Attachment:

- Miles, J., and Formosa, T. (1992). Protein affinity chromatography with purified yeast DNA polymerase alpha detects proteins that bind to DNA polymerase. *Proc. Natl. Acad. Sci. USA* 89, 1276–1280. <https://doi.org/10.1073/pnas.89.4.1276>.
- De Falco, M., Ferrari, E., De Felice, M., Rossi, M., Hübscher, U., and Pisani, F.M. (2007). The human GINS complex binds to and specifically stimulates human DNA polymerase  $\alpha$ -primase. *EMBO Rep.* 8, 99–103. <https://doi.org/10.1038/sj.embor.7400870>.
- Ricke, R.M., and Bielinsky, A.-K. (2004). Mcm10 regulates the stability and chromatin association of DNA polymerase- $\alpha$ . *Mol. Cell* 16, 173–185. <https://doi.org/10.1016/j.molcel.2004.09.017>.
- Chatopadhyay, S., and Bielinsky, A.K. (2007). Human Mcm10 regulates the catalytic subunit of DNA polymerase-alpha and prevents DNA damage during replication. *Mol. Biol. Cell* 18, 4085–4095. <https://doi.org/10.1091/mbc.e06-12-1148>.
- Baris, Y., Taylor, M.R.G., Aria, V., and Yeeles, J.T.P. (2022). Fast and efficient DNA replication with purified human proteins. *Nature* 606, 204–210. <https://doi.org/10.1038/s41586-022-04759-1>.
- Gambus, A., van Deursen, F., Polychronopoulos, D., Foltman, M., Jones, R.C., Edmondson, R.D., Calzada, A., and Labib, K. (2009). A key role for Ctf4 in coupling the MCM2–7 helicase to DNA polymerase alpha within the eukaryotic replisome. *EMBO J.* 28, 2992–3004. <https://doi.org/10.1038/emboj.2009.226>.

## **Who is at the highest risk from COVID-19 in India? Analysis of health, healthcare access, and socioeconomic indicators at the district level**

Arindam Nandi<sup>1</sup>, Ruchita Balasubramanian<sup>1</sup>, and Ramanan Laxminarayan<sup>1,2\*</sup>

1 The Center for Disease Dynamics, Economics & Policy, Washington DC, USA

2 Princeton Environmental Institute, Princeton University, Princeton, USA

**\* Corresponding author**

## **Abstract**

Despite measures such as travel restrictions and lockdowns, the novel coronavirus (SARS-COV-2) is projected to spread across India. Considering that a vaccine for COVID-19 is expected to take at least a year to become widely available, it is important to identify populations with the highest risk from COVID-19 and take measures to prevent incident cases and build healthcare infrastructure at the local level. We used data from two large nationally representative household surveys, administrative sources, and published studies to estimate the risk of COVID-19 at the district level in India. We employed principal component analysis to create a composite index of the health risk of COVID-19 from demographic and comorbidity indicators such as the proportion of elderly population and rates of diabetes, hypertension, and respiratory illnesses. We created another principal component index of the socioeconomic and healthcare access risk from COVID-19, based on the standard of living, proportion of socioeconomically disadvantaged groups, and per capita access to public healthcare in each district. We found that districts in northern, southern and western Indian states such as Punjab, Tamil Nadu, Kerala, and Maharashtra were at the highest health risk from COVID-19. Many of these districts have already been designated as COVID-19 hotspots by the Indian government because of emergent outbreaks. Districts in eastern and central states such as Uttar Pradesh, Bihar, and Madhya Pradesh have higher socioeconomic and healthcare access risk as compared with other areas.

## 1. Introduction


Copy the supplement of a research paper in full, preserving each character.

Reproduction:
- Miles, J., and Formosa, T. (1992). Protein affinity chromatography with purified yeast DNA polymerase alpha detects proteins that bind to DNA polymerase. *Proc. Natl. Acad. Sci. USA* 89, 1276–1280. <https://doi.org/10.1073/pnas.89.4.1276>.
- De Falco, M., Ferrari, E., De Felice, M., Rossi, M., Hübscher, U., and Pisani, F.M. (2007). The human GINS complex binds to and specifically stimulates human DNA polymerase  $\alpha$ -primase. *EMBO Rep.* 8, 99–103. <https://doi.org/10.1038/sj.embor.7400870>.
- Ricke, R.M., and Bielinsky, A.-K. (2004). Mcm10 regulates the stability and chromatin association of DNA polymerase- $\alpha$ . *Mol. Cell* 16, 173–185. <https://doi.org/10.1016/j.molcel.2004.09.017>.
- Chatopadhyay, S., and Bielinsky, A.K. (2007). Human Mcm10 regulates the catalytic subunit of DNA polymerase-alpha and prevents DNA damage during replication. *Mol. Biol. Cell* 18, 4085–4095. <https://doi.org/10.1091/mbc.e06-12-1148>.
- Baris, Y., Taylor, M.R.G., Aria, V., and Yeeles, J.T.P. (2022). Fast and efficient DNA replication with purified human proteins. *Nature* 606, 204–210. <https://doi.org/10.1038/s41586-022-04759-1>.
- Gambus, A., van Deursen, F., Polychronopoulos, D., Foltman, M., Jones, R.C., Edmondson, R.D., Calzada, A., and Labib, K. (2009). A key role for Ctf4 in coupling the MCM2–7 helicase to DNA polymerase alpha within the eukaryotic replisome. *EMBO J.* 28, 2992–3004. <https://doi.org/10.1038/emboj.2009.226>.

## **Who is at the highest risk from COVID-19 in India? Analysis of health, healthcare access, and socioeconomic indicators at the district level**

Arindam Nandi<sup>1</sup>, Ruchita Balasubramanian<sup>1</sup>, and Ramanan Laxminarayan<sup>1,2\*</sup>

1 The Center for Disease Dynamics, Economics & Policy, Washington DC, USA

2 Princeton Environmental Institute, Princeton University, Princeton, USA

**\* Corresponding author**

## **Abstract**

Despite measures such as travel restrictions and lockdowns, the novel coronavirus (SARS-COV-2) is projected to spread across India. Considering that a vaccine for COVID-19 is expected to take at least a year to become widely available, it is important to identify populations with the highest risk from COVID-19 and take measures to prevent incident cases and build healthcare infrastructure at the local level. We used data from two large nationally representative household surveys, administrative sources, and published studies to estimate the risk of COVID-19 at the district level in India. We employed principal component analysis to create a composite index of the health risk of COVID-19 from demographic and comorbidity indicators such as the proportion of elderly population and rates of diabetes, hypertension, and respiratory illnesses. We created another principal component index of the socioeconomic and healthcare access risk from COVID-19, based on the standard of living, proportion of socioeconomically disadvantaged groups, and per capita access to public healthcare in each district. We found that districts in northern, southern and western Indian states such as Punjab, Tamil Nadu, Kerala, and Maharashtra were at the highest health risk from COVID-19. Many of these districts have already been designated as COVID-19 hotspots by the Indian government because of emergent outbreaks. Districts in eastern and central states such as Uttar Pradesh, Bihar, and Madhya Pradesh have higher socioeconomic and healthcare access risk as compared with other areas.

## 1. Introduction